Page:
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Adding hops in your secondary will be for aroma and not taste. You have to boil hops to extract the essential oils for bitterness. You add them to the secondary "dry hop" purely for the nose. I'm with cowgo on purchasing an ail pail to have a jump on your 5 gallon system.

loop
 

beardedbrew

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I'm a new brewer as well and what I'm always wondering is if you leave your brew in primary for 3-4 weeks, what's the purpose of transfering to a second fermenter if you have all of the tools to bottle easily from the first primary container?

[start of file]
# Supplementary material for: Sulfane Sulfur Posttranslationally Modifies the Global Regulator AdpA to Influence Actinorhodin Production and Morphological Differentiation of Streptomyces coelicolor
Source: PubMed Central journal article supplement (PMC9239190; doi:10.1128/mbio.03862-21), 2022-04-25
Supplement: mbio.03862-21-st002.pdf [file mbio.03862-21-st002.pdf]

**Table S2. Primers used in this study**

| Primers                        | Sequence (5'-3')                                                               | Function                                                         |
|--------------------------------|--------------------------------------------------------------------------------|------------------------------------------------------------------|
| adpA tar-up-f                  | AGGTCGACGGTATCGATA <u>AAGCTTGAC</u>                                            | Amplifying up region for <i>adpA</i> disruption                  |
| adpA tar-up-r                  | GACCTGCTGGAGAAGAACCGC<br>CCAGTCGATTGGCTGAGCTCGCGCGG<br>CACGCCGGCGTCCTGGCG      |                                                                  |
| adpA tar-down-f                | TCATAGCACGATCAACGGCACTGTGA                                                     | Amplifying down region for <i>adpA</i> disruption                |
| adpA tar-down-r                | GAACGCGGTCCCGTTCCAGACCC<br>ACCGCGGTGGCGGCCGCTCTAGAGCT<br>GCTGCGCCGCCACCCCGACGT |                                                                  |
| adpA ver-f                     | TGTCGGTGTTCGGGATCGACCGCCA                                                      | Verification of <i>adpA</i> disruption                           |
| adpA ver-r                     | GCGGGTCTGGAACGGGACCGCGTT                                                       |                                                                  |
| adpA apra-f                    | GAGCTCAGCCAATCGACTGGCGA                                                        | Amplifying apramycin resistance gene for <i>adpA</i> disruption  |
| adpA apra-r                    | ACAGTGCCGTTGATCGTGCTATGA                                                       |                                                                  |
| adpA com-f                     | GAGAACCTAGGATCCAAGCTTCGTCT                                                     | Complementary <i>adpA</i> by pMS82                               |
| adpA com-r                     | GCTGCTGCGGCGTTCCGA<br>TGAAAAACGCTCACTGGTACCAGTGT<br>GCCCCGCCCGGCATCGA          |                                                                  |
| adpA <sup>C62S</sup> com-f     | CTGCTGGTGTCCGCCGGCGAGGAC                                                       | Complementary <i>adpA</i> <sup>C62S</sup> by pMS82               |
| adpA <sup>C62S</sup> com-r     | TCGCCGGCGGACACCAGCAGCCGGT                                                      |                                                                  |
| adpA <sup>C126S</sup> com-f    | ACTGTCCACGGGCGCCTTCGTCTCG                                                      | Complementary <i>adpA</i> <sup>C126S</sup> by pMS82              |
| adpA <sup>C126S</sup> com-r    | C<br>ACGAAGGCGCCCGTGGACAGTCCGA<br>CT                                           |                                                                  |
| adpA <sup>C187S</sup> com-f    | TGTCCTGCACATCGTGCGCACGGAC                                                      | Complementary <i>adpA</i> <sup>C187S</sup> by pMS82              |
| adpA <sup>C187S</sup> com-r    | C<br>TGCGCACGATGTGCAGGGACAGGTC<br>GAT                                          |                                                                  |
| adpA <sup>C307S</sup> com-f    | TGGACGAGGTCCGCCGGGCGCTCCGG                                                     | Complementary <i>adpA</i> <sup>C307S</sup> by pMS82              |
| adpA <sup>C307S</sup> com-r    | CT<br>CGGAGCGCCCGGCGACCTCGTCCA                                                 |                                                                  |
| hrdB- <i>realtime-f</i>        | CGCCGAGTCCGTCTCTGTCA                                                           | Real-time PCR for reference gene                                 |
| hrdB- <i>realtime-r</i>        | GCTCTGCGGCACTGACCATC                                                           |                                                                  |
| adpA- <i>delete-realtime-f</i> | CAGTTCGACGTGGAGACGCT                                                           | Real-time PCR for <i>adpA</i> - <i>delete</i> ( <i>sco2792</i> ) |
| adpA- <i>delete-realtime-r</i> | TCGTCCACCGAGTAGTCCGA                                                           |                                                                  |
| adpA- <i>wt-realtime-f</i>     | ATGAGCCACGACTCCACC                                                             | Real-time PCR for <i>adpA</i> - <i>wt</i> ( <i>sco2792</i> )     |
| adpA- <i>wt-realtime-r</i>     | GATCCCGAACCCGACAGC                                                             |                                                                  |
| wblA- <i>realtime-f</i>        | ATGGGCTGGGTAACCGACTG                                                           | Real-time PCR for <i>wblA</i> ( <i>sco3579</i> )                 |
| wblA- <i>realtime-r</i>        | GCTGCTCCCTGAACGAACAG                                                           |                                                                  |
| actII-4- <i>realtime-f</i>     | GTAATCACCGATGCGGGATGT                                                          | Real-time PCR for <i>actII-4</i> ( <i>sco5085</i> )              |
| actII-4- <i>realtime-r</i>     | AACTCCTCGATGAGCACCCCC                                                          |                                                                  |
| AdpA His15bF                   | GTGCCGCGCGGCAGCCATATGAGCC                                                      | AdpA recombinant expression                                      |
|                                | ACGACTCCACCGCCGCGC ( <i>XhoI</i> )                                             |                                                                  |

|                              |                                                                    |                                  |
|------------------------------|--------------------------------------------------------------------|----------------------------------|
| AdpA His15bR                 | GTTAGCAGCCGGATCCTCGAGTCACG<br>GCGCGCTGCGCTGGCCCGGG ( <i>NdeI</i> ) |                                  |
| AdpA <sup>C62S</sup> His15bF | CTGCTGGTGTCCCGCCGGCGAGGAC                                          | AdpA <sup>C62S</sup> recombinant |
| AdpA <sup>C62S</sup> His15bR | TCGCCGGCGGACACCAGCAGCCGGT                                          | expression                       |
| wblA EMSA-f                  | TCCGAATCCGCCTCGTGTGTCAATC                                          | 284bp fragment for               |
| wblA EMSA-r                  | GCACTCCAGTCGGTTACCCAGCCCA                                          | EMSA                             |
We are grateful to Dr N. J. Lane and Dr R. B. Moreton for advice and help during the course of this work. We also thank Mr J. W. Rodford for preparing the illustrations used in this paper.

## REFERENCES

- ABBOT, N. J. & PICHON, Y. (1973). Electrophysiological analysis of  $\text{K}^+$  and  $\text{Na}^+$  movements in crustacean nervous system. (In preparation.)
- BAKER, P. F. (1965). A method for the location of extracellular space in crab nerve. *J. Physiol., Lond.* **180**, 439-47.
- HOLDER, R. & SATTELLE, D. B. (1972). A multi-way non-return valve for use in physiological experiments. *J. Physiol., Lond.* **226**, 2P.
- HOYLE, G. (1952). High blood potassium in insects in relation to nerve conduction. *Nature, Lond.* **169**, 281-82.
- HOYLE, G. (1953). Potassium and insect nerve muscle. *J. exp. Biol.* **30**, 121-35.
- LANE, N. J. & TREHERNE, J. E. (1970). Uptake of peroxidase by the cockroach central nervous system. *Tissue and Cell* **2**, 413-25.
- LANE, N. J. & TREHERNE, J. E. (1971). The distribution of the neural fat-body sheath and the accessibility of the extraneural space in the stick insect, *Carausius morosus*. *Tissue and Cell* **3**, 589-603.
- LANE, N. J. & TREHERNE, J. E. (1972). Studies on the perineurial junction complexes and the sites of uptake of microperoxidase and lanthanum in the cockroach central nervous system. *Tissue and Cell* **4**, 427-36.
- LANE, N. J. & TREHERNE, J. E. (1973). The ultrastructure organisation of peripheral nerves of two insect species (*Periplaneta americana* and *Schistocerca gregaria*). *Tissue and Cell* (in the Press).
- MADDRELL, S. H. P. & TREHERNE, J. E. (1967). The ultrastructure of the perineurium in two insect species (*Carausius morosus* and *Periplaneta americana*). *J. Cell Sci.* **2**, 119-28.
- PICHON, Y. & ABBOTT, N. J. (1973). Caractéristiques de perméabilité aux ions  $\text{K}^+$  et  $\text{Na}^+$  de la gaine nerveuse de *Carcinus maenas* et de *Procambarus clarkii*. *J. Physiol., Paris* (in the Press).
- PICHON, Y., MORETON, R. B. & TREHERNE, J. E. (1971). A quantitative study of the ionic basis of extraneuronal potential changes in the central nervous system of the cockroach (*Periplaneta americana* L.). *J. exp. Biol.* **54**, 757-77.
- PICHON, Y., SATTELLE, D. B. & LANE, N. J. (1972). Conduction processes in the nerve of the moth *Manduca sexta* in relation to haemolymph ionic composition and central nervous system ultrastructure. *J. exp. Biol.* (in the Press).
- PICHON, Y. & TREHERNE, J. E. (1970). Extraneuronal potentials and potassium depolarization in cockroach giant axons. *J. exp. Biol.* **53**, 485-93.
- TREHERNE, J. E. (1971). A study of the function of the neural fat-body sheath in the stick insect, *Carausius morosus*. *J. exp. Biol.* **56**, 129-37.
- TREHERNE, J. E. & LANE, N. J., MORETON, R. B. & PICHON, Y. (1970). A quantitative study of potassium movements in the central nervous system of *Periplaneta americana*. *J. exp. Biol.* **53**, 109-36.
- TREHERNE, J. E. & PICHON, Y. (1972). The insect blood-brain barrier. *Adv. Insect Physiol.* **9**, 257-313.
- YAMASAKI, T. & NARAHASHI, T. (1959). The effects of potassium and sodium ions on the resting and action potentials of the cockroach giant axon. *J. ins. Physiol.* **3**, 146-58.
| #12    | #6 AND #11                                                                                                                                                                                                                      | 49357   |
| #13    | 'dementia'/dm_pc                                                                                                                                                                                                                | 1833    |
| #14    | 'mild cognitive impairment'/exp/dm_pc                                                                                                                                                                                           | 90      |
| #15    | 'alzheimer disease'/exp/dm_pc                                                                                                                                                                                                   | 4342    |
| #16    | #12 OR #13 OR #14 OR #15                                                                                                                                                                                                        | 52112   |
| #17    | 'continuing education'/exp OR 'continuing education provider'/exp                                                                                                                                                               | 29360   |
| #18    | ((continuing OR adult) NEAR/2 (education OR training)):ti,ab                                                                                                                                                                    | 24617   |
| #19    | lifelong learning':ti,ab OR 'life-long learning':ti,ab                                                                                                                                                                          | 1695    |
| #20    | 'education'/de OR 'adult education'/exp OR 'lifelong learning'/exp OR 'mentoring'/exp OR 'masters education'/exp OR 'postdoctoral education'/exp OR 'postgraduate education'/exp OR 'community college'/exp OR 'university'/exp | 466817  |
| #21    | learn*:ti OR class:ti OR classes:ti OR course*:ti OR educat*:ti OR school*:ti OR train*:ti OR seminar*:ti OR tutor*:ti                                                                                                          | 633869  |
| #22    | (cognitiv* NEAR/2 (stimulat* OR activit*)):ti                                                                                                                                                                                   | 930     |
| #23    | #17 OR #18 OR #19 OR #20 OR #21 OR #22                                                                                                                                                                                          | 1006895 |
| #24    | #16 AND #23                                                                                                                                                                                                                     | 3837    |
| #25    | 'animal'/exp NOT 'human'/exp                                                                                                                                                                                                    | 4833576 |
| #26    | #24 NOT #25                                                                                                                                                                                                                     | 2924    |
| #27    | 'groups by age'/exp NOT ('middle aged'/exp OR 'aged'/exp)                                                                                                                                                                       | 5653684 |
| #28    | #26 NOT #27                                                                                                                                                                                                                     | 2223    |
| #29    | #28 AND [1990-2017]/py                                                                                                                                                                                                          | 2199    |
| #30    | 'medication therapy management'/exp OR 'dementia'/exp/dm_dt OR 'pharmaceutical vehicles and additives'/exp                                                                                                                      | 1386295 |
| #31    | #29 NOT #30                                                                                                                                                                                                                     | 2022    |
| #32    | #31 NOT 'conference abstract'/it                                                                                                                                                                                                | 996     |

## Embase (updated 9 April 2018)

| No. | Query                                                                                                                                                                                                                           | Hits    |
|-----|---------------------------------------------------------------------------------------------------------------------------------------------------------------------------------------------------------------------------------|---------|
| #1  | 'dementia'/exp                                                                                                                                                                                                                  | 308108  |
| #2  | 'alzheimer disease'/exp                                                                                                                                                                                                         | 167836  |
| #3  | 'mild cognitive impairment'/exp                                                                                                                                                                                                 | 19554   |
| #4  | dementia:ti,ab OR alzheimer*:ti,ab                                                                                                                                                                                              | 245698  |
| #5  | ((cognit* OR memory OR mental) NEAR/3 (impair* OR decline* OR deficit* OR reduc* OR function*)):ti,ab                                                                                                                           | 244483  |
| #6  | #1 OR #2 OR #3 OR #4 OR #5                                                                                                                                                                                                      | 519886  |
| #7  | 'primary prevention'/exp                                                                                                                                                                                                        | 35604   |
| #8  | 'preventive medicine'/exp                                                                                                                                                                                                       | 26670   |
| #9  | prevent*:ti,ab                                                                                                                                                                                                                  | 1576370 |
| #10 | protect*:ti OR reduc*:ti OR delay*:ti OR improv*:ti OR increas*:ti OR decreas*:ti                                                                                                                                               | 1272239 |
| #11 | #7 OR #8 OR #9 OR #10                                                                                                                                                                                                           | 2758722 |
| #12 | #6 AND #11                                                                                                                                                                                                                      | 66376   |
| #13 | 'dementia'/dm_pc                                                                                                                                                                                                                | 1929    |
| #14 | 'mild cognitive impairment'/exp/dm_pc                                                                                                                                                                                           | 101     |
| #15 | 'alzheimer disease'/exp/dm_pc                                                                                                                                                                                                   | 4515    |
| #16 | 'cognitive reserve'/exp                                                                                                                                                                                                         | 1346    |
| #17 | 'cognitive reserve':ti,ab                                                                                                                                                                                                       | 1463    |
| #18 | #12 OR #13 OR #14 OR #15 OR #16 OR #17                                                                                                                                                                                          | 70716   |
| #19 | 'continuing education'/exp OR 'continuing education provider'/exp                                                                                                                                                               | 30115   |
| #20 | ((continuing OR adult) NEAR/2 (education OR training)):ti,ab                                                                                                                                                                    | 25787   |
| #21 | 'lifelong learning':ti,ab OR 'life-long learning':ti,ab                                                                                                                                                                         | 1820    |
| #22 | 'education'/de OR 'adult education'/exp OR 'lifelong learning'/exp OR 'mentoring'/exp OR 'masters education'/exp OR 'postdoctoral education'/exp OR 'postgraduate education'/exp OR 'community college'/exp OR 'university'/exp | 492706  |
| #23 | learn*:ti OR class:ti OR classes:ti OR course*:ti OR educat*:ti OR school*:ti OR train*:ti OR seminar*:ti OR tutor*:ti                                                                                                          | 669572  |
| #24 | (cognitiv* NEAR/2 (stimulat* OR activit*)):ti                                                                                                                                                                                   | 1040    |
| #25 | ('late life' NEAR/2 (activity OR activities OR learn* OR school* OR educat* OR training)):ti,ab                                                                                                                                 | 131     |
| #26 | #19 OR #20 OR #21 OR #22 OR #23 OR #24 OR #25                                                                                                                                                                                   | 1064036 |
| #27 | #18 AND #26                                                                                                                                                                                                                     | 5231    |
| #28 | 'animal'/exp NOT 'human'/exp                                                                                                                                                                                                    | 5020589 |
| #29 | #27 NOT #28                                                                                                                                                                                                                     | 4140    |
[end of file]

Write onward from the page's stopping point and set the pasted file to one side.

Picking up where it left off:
Yooper

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beardedbrew said:
I'm a new brewer as well and what I'm always wondering is if you leave your brew in primary for 3-4 weeks, what's the purpose of transfering to a second fermenter if you have all of the tools to bottle easily from the first primary container?
Because of all the stuff ("trub") that settles out of the fermenter during those 3-4 weeks. It will be a big thick layer of dead yeast, hops particles, break material, and protiens. You don't want that stuff in your beer- that's why let it sit to clear and condition. If you bottle from that first container, you'll stir up all that stuff into the beer again when you add your priming solution.

So, you add the priming solution to a bottling bucket, and then rack your clear beer into the new container, holding the racking cane above the trub, so only the beer flows.

I even put my fermenter up on the island early in the day on bottling/kegging day, so when I move it if anything got stirred up, it has time to settle back down.